There has been a lot of spirited debate over CityScape. A lot of it is definitely deserved since a public space was taken from us and replaced with a (suburban) shopping center. Local filmmakers Steve Weiss and Leslie Barton ask passers-by where the park is within the new CityScape in this two-minute video:


A lot of people will say that CityScape is an improvement over the former Patriots' Square Park (PSP) since that park was a sea of concrete frequented by homeless people. But PSP was a public space. CityScape is not. (Public funding does not make a space "public.") PSP had shade and grass. CityScape has concrete and more concrete. I remember walking through PSP one May morning with some classmates from my high school before a rehearsal at the Orpheum Theatre and we both found PSP quite charming.

So this is why I have a love/hate relationship with Phoenix. There are plenty of great people in the community who advocate for good change, sustainable change, and useful change. (This is the love part of the love/hate paradox.) We know what we want in a lively, urban core. We want a downtown that has a plethora of unique and locally owned shops. We want to promote walking, bicycling, and public transit use instead of always hopping into a car. We know what works because we have seen what doesn't work. And yet we never seem to give up.

But then there's a city government that just doesn't seem to get it. (This is the hate part.)  The City of Phoenix have done some great things but then they do some absolutely bone-headed things that cancel out the good things. The new additions to the Phoenix Convention Center? Amazing. The Sheraton? Definitely needed. Light rail? Phenomenal. Creating an ASU campus in downtown Phoenix? Yes, please.

Then we see the silly and stupid things that they've done. Demolishing an easily-reusable former hotel/dormitory to make room for a parking lot? Approving and subsidizing City North (mock urban development in the suburban fringe)? CityScape (plopping a suburban mall over PSP)?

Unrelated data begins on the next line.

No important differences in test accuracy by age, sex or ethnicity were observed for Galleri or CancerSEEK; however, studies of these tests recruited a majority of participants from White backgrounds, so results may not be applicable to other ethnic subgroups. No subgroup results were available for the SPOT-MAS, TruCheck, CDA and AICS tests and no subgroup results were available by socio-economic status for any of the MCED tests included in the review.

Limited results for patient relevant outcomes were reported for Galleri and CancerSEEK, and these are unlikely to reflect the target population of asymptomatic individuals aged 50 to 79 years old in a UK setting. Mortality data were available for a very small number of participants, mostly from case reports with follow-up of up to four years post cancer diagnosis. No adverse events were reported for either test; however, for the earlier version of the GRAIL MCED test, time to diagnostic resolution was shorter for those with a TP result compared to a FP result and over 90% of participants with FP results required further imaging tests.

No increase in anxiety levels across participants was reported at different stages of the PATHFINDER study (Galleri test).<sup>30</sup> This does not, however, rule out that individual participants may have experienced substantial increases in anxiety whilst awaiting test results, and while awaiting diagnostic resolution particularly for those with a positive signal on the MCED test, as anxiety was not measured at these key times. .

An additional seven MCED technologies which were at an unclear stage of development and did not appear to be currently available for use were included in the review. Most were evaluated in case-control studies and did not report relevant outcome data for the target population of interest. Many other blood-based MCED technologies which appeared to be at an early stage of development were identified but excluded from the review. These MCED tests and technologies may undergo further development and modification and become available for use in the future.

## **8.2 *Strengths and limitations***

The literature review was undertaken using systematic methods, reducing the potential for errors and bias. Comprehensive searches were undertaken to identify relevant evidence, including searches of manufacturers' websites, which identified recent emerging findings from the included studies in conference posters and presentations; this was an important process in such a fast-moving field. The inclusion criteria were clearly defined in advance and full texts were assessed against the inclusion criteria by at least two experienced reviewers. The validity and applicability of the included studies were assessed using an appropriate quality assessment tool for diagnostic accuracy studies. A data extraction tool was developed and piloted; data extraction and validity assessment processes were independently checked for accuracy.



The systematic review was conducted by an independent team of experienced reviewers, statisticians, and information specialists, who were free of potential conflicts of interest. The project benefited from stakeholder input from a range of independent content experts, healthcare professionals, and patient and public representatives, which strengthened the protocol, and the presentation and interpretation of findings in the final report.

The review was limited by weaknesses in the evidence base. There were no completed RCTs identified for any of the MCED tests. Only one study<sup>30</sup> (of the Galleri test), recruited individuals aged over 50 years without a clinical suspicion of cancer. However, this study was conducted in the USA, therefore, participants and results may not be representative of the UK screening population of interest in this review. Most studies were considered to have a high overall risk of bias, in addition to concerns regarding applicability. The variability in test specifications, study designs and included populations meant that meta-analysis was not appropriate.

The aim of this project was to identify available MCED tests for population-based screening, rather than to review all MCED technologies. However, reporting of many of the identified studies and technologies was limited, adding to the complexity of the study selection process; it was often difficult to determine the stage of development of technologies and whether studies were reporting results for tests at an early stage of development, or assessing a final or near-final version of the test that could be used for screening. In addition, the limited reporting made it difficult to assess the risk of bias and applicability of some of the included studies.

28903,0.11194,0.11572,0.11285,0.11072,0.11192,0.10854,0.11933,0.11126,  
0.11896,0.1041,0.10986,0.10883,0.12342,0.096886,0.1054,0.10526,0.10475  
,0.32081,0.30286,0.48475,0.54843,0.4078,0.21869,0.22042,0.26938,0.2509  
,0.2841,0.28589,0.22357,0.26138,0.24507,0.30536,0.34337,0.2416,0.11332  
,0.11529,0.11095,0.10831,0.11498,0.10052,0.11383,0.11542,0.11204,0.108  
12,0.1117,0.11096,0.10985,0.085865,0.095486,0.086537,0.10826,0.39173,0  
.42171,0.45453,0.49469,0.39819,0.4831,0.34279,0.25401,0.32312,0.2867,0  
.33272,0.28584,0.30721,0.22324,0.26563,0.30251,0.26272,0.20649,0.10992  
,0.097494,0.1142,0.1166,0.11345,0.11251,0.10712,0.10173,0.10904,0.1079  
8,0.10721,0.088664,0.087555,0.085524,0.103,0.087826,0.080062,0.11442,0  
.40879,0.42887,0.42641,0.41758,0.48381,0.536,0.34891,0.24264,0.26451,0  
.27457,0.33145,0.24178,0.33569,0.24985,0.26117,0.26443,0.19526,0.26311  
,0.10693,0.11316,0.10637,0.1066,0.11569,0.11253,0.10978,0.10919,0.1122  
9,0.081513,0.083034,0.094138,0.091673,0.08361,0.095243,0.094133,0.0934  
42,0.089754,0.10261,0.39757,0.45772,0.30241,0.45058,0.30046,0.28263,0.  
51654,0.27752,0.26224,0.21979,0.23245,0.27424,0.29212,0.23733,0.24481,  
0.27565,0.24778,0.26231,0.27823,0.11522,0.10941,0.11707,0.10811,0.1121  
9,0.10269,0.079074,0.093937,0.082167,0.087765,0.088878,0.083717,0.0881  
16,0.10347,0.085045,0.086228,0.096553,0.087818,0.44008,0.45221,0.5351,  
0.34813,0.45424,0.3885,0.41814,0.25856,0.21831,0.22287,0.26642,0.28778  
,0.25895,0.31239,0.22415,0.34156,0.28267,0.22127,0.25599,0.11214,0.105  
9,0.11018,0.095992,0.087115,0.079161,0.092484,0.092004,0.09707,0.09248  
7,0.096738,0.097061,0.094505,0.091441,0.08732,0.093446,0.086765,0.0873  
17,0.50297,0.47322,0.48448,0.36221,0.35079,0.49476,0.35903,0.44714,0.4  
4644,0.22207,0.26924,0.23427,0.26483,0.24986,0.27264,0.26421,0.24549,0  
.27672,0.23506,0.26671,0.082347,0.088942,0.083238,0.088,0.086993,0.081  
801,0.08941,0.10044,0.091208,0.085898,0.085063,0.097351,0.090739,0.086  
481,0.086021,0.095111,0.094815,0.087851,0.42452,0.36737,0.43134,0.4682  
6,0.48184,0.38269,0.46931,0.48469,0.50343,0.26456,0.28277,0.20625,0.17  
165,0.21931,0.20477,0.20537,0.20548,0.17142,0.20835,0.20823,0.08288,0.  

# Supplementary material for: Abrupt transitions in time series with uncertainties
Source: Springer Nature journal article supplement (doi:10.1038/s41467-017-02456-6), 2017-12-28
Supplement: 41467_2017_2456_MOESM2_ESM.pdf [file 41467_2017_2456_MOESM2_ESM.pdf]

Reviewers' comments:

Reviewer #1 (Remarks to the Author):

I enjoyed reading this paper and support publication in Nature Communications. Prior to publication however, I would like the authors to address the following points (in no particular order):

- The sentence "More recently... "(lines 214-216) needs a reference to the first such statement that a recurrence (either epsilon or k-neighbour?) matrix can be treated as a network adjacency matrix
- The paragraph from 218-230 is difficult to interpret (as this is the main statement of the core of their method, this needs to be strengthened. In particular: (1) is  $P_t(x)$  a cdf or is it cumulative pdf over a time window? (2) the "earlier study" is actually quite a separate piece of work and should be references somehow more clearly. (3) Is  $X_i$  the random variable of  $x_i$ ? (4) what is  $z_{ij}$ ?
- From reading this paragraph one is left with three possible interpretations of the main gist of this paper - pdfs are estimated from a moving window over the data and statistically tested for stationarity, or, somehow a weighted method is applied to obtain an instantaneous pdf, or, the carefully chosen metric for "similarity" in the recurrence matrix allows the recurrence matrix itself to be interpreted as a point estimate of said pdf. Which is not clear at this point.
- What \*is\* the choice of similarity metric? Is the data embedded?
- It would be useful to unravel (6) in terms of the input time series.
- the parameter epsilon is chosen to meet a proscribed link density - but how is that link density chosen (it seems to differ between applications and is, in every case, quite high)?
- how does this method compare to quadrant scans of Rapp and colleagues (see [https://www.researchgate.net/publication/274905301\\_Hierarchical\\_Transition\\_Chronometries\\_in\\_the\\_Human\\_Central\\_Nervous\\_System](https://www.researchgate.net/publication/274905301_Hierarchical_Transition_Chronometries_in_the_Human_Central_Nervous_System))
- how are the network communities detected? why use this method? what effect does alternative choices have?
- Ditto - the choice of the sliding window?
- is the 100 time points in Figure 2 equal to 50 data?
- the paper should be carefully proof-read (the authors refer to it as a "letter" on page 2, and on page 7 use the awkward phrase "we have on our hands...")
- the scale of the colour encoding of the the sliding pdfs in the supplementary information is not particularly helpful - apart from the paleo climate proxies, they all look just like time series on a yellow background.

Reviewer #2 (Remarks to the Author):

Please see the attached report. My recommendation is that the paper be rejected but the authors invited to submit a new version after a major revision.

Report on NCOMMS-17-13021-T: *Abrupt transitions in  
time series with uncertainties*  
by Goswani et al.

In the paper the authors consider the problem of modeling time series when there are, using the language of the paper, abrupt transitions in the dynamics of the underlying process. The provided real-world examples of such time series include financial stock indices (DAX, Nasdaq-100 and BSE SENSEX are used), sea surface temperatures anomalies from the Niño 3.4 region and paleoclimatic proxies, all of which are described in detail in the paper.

What makes me sick is that even with great people fighting to make downtown Phoenix a great place, our civic leaders either ignore or placate us. It's almost one step forward, two (or three) steps back. And I get sick of it. When I meet with these great people at things like Radiate or Get Your PHX, this sentiment is always shared by many.  For Radiate, we (almost usually) meet at local establishments because we know the value that locally owned and locally operated places bring to a community. Then we have the City of Phoenix and RED Development work to bring in out-of-state corporations to CityScape: CVS Pharmacy (headquartered in Rhode Island), Five Guys (Virginia), Urban Outfitters (Pennsylvania), and Lucky Strike Lanes (California). Its design completely runs foul of walking. There is no love — no entrances (save for CVS's) — given to the adjacent sidewalks.

We want a livable downtown core. We don't want parking lots or poorly designed suburban shopping centers. Those of us who live in downtown (or midtown) Phoenix don't want to live in the suburbs. We actively chose to live in an urban environment. If we wanted a suburban shopping center with out-of-state chains, we'd just rather live in Peoria, Scottsdale, or Gilbert.

So that's my love/hate relationship with this city. There are great local advocates who tirelessly advocate for good, sustainable, and useful change. And then there are people who try to help but do more harm than good.